Erich Kleiber with the Concertgebouw in 1950 is indispensable, and I don’t use that word of many recordings. If you need to teach someone how to conduct the Eroica, start here. At no time in a brisk 45 minutes do you think the symphony could be played any other way.

No less definitive are Ferenc Fricsay (Berlin, 1961), with the most finely tuned Scherzo movement of all, and Otto Klemperer (Vienna, 1963), a crusty old master who belies his image to deliver a reading of true tenderness.

No less deceptive is George Szell in Cleveland (1957), where, after a peremptory opening, the conductor allows himself to linger, Karajan-like, on transient beauties without disrupting the flow. Szell used disciplinarian methods to create a great orchestra in a smokestack city. An insecure man, he fretted over poor record sales and expected to get fired any day by CBS Records, which also had Bernstein on its books. Bernstein’s Eroica is one of his most inspired recordings, but Szell here gives a masterclass, fault-free and foolproof.

The period instrument movement of the 1980s brought a welter of alternatives, among whom Frans Brüggen and Roger Norrington shoot to the top of the pile with readings of unflashy integrity – unlike John Eliot Gardiner who just can’t get out of the Eroica fast enough. Nikolaus Harnoncourt, with a slimline Chamber Orchestra of Europe, conjures up the small confines of his noble family’s Viennese ballroom. Even more intimate is Maxim Emelyanychev and the Soloists of Nizhny Novgorod, performing in 2018 as if for a few friends in a railway station waiting room.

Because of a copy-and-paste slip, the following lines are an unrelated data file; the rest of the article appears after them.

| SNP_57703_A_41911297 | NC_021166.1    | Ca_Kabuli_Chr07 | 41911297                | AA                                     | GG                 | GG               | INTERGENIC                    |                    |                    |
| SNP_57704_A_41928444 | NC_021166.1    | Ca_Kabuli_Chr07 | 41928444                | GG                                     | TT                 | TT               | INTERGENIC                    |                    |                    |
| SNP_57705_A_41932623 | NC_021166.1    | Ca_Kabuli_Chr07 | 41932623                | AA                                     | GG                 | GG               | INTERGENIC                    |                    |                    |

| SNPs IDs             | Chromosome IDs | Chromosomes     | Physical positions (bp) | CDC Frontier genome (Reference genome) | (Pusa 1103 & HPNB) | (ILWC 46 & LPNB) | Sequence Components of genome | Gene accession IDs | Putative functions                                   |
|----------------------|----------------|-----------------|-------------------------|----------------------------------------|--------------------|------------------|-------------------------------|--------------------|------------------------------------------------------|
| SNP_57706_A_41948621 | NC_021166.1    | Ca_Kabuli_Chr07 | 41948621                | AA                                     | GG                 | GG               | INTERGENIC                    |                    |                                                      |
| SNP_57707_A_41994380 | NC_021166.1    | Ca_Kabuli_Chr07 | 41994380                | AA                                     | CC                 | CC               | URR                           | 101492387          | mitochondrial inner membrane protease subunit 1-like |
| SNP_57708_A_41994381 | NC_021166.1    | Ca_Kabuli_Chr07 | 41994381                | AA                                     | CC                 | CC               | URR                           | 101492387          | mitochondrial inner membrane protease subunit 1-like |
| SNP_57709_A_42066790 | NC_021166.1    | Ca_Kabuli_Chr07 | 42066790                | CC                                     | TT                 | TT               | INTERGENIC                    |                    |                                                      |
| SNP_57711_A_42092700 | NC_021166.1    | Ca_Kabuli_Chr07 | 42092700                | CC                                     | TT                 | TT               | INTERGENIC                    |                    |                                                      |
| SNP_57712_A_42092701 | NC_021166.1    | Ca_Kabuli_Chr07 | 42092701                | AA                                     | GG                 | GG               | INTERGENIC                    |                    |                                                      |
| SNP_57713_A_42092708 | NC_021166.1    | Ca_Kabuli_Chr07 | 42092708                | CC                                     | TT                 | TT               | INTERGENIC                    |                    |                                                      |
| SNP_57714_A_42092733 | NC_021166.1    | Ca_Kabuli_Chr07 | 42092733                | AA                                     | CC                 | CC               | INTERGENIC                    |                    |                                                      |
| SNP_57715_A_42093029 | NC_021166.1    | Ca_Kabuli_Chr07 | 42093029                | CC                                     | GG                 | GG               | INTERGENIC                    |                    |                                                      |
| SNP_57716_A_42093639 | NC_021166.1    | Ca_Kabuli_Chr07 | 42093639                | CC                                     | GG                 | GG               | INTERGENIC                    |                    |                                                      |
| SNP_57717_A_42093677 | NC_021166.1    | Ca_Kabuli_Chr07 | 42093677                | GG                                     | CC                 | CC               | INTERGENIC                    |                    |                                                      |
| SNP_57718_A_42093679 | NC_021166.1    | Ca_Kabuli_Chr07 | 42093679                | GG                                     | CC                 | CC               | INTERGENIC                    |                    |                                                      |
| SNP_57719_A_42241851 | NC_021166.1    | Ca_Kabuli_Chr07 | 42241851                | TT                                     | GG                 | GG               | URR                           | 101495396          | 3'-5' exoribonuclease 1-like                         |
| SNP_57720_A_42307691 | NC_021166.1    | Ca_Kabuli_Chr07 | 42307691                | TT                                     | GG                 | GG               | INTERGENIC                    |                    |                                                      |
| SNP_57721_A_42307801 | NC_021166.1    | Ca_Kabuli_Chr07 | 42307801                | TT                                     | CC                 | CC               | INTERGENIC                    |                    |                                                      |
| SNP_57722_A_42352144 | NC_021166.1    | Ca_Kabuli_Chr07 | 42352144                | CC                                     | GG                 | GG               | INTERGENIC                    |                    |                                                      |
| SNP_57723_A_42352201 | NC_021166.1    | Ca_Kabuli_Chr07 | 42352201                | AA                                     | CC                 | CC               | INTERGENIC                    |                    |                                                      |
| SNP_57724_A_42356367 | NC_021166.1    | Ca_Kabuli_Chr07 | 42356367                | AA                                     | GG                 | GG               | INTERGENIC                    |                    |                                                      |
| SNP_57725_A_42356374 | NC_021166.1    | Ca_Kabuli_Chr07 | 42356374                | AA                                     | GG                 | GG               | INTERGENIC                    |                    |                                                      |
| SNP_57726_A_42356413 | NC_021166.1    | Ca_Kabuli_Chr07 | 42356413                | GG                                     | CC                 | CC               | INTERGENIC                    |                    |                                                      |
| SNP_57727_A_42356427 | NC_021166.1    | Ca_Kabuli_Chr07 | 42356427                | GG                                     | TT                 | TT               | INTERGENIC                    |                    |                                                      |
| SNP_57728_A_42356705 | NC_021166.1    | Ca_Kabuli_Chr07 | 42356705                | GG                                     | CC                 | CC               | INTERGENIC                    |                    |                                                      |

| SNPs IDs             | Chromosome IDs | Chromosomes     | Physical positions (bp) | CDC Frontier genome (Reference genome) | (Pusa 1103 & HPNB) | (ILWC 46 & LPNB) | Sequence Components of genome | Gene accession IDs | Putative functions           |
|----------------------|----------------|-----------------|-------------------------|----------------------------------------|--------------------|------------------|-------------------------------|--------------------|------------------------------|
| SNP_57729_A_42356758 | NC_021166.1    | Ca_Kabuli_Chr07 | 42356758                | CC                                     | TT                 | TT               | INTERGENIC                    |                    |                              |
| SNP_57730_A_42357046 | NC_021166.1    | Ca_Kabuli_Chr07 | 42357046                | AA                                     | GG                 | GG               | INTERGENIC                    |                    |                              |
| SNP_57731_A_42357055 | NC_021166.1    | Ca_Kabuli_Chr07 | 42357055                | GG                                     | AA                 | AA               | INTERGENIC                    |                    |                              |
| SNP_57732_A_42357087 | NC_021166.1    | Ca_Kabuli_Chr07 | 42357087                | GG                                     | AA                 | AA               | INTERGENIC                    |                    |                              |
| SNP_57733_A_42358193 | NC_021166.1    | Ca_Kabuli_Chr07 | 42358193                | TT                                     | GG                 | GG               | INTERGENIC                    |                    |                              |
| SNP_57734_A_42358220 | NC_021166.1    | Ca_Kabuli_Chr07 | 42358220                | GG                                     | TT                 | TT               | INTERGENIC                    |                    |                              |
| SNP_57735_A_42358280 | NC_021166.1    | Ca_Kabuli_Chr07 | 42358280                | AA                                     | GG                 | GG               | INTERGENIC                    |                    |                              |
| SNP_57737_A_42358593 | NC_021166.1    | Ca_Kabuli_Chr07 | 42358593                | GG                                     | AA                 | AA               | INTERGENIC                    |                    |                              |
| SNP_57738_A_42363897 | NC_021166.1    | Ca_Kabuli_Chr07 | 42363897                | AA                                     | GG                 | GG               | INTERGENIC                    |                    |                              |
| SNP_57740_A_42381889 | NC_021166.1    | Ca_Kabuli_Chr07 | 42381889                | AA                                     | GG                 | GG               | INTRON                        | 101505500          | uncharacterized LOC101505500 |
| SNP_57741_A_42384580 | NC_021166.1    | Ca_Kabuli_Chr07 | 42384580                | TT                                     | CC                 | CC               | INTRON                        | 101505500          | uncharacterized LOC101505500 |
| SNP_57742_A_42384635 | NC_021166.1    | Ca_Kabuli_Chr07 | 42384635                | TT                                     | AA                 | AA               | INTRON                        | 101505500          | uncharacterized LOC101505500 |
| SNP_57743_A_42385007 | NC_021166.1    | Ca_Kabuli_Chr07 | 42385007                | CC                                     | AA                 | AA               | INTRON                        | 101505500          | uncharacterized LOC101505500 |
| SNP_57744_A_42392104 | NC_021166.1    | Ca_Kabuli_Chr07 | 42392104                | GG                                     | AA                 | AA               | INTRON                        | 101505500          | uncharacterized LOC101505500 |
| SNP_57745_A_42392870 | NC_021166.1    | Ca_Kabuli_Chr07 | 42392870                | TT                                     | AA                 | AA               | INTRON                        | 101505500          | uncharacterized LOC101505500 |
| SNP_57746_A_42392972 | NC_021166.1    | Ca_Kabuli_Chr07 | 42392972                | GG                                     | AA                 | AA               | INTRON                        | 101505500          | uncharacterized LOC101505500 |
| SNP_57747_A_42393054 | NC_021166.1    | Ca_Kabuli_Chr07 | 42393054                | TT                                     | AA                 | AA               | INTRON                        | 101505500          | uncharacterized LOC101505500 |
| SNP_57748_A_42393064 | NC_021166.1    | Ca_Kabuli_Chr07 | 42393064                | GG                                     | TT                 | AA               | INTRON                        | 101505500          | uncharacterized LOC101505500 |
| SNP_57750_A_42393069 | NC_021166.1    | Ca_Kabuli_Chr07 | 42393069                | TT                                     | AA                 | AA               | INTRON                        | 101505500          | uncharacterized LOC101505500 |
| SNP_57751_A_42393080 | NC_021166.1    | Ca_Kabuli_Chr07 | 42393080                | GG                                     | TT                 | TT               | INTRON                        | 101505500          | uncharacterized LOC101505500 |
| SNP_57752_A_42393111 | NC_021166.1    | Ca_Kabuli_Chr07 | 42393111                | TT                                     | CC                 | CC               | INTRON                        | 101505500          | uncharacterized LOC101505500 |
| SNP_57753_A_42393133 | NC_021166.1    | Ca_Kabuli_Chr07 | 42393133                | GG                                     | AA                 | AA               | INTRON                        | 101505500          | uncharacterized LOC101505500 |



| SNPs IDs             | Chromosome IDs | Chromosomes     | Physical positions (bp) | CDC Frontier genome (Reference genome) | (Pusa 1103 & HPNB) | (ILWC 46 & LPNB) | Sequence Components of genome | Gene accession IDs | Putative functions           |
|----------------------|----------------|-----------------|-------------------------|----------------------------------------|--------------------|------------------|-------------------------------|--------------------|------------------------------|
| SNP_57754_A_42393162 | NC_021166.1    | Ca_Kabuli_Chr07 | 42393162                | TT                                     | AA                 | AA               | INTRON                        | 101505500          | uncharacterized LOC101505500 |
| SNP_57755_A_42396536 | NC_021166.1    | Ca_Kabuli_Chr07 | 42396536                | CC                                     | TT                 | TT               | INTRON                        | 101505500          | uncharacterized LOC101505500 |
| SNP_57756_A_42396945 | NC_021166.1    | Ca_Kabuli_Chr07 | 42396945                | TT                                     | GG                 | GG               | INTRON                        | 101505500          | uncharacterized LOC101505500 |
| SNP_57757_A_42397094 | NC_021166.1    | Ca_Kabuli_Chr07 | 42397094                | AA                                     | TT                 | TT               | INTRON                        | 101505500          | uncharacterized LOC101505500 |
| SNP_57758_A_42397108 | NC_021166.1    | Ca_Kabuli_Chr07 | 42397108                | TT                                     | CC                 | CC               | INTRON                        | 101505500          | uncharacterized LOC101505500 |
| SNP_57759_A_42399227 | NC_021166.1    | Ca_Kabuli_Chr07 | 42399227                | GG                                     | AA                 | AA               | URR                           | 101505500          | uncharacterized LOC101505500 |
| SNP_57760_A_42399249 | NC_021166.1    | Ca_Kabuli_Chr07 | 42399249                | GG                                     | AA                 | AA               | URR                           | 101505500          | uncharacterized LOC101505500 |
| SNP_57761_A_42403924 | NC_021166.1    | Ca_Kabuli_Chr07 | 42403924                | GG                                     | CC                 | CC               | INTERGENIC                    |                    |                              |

Among 21st century takes, Claudio Abbado, Simon Rattle, Philippe Jordan and Manfred Honeck deliver enjoyable performances that fall just short of commanding. The conductor who arrests my attention is Riccardo Chailly with Gewandhausorchester Leipzig in 2011, extremely fast at 43 minutes and combining Toscanini whiplash with the memorial solemnity of Szell and Fricsay in orchestral sound of maximal clarity.

If I could only have three Eroicas, I’d pick Furtwängler, Szell and Chailly, with Emelyanchev a very close contender. None is remotely heroic.